2.03.2009,7:57 PM
Desert Rats in Big Bend
"So what does one do in the desert?" I was asked the other day. What does anyone do in the desert? It depends who you are. Let's see what our Desert Rats group did during our stay. When you wake up to this after sleeping under a thick blanket of stars, it's hard to get motivated to do anything.

You may find us sitting or reclining, muttering, "Uh huh"ing, slurping, sighing, maybe an occasional snore.

We'll feed the quail, listen and watch them patter to and fro with their little antennas on their heads.

Visitors may stop in. Roger, our host, shares his vistas with anyone; he's very generous that way.
(that is Reed's Plateau; one of my most favorite landmarks and dirt road that winds up it)
Then the big question comes: "Okay, folks. What do you want to do today?"

Some of us may get geared up, go for a ride and do some exploring.
(Moon Valley. An area of volcanic tuft just northwest of the national park. The road is deep sand.)

Small groups may mosey off exploring elsewhere. Paul straps his mountain bike on his Honda ST to explore the back country.

Of course, we usually take the back road -Fulcher Road- from Terlingua, down through Long Draw and out onto Hwy 118 which enters Big Bend National Park. To do so, one must ride through Terlingua Creek. It always has water in it between Hwy 170 and its mouth where it greets the Rio Grande River. I love that water crossing; I run through it throttle wide open and sometimes catch air on the way out.

Perhaps we might have a destination in mind, or then again, a spontaneous goal. We seemed to meet friendly folks from everywhere.
(Behind the Chisos Lodge in the Chisos Basin in the Chisos Mountains. I think you get the location now.)

Including the locals; permanent or seasonal.

The food was delicious. Especially the cobbler with ice cream, found only in the Chisos Basin Lodge in the National Park. Our waitress was from Alaska and very friendly. Be sure to request the cobbler and ice cream in a bowl. Otherwise it is served in a cocktail glass and rather difficult to eat.

Calgary Graeme gave his seal of approval.

We had a few visitors. Roger found Mike in Study Butte and led him up to share several days with us. Mike is on a trip from Alaska where he is a trails guide for a national forest. He rides an older BMW and he does well on it; he traversed the creek crossing on Fulcher Rd perfectly. We all enjoyed his company, his stories, and sharing rides and hikes. Roger and I 'escorted' Mike to the Basin (via the infamous water crossing) and sent him off on his visit in the Park. He came back for another night with us before he left town heading east. I sure hope we see him again.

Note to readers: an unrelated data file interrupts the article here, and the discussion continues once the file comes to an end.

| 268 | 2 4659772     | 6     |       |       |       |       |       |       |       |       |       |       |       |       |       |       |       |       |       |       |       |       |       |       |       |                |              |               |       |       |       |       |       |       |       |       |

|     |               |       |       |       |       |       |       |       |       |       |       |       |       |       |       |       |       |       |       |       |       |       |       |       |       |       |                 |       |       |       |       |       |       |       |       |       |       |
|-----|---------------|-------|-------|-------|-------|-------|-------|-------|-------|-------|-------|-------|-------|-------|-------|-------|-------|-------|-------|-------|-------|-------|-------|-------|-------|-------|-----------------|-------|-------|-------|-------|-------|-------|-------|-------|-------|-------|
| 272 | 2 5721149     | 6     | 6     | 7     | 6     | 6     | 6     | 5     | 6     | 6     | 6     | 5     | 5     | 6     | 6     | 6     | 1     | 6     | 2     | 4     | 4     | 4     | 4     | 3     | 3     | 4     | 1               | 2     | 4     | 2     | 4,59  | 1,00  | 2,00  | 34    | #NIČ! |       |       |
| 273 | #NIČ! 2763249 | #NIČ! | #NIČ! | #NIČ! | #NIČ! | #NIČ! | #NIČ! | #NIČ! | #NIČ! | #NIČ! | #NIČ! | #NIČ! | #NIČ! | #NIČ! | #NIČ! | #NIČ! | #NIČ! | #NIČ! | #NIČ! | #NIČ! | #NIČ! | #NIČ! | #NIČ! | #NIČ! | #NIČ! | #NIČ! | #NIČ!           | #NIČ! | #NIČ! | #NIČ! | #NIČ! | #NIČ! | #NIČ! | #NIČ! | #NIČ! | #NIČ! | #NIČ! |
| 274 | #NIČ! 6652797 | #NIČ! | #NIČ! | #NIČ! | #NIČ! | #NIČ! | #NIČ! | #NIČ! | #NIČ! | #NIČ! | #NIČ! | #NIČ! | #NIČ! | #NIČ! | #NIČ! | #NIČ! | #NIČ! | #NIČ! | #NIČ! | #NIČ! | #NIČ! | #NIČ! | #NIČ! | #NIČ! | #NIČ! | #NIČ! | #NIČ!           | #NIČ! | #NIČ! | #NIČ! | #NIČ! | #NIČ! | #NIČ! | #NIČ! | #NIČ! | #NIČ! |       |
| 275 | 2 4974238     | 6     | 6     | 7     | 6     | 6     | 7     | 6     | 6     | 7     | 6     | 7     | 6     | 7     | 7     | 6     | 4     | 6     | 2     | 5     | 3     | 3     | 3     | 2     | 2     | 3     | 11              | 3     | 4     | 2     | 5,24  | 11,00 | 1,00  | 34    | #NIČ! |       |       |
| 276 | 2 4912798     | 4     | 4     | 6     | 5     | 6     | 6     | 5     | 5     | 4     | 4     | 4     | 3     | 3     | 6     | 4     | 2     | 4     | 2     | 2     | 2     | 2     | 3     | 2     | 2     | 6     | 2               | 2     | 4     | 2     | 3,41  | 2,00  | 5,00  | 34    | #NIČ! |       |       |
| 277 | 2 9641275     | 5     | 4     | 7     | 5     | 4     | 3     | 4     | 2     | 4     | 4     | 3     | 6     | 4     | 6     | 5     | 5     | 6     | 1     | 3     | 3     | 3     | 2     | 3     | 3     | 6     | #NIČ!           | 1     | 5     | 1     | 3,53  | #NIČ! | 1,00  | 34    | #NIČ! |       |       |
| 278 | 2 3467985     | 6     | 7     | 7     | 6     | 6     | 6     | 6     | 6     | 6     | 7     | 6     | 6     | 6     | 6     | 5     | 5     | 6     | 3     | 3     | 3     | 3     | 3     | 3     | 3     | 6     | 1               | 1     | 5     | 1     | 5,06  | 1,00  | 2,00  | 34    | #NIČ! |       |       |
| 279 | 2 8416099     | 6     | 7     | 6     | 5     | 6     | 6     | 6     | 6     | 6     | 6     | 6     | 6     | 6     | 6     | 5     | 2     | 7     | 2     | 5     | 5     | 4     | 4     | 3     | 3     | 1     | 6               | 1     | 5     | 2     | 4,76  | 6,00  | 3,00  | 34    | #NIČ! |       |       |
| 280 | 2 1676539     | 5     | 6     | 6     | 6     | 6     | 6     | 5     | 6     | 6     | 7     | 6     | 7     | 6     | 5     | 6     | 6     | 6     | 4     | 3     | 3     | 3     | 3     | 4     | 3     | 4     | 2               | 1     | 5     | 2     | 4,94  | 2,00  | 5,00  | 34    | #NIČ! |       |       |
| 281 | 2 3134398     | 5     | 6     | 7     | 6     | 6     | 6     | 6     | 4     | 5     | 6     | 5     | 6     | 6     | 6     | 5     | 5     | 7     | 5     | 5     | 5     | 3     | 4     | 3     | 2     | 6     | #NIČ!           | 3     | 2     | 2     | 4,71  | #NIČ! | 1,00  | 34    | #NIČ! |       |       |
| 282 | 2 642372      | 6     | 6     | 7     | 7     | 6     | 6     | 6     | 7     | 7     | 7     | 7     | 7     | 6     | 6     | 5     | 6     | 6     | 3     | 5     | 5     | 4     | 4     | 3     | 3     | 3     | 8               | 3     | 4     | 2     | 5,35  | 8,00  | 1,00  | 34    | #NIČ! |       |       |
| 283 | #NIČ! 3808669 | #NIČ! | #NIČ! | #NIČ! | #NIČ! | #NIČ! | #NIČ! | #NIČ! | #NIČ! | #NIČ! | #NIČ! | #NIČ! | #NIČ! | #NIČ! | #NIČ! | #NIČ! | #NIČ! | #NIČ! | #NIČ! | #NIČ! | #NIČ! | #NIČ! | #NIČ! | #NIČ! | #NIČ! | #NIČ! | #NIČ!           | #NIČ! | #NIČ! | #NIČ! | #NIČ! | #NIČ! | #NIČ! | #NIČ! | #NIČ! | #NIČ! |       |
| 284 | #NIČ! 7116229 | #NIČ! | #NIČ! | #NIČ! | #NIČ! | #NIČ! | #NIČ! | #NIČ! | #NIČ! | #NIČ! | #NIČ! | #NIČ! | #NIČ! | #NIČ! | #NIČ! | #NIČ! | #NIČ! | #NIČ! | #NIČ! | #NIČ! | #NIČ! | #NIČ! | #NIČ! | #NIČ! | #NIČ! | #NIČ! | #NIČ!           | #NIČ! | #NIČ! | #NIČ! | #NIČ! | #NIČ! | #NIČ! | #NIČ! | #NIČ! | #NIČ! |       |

Big Bend has its own Waldo: Bubbly Bob. Or Bouncing Bob. He and his wife are retired from Illinois and live in the BB area during the winter. Bob is everywhere; no matter where we were -out riding, eating, hiking, sleeping....- Bob would appear out of nowhere. Sometimes several times a day. He puts a lot of miles on his KLX250 every day. A LOT of miles.

I ran into people all over the place in BB that were from where I've lived. Well, maybe that's because I've lived in a lot of places, or maybe those places came back to haunt me. Kim and Chris, from New York, are on a year's sabbatical traveling around the country in their Toy Hauler and bikes. We ran into them here and there, Chris on a KTM950 Adventure and Kim on a BMW650.

After over a year of corresponding, we finally meet: Ara and Spirit. Ara and Spirit ride around the country in a BMW GS with a sidecar. Ara's home base, The Oasis, is now between Study Butte and Alpine in the Big Bend area. Ara's black-eye pea stew replenished a worn-out hiker from Big Bend State Park (me). Hopefully we'll have more time next time to sit and chat, Ara.

There there's the mascot: Wiley. Our trusted mascot that endurs spills and thrills.

We always regroup at the end of the day to feed and refuel, facilitated by the best Chuck Wagon Chef, David.

We gawk over the sunsets, sit around a campfire and tell stories until we drop. Then crawl into our bags and tents (or cot) as owls and coyotes lull us to sleep.

I've been through the desert on a horse with no name
It felt good to be out of the rain
In the desert you can remember your name
'Cause there ain't no one for to give you no pain.

posted by Macrobe
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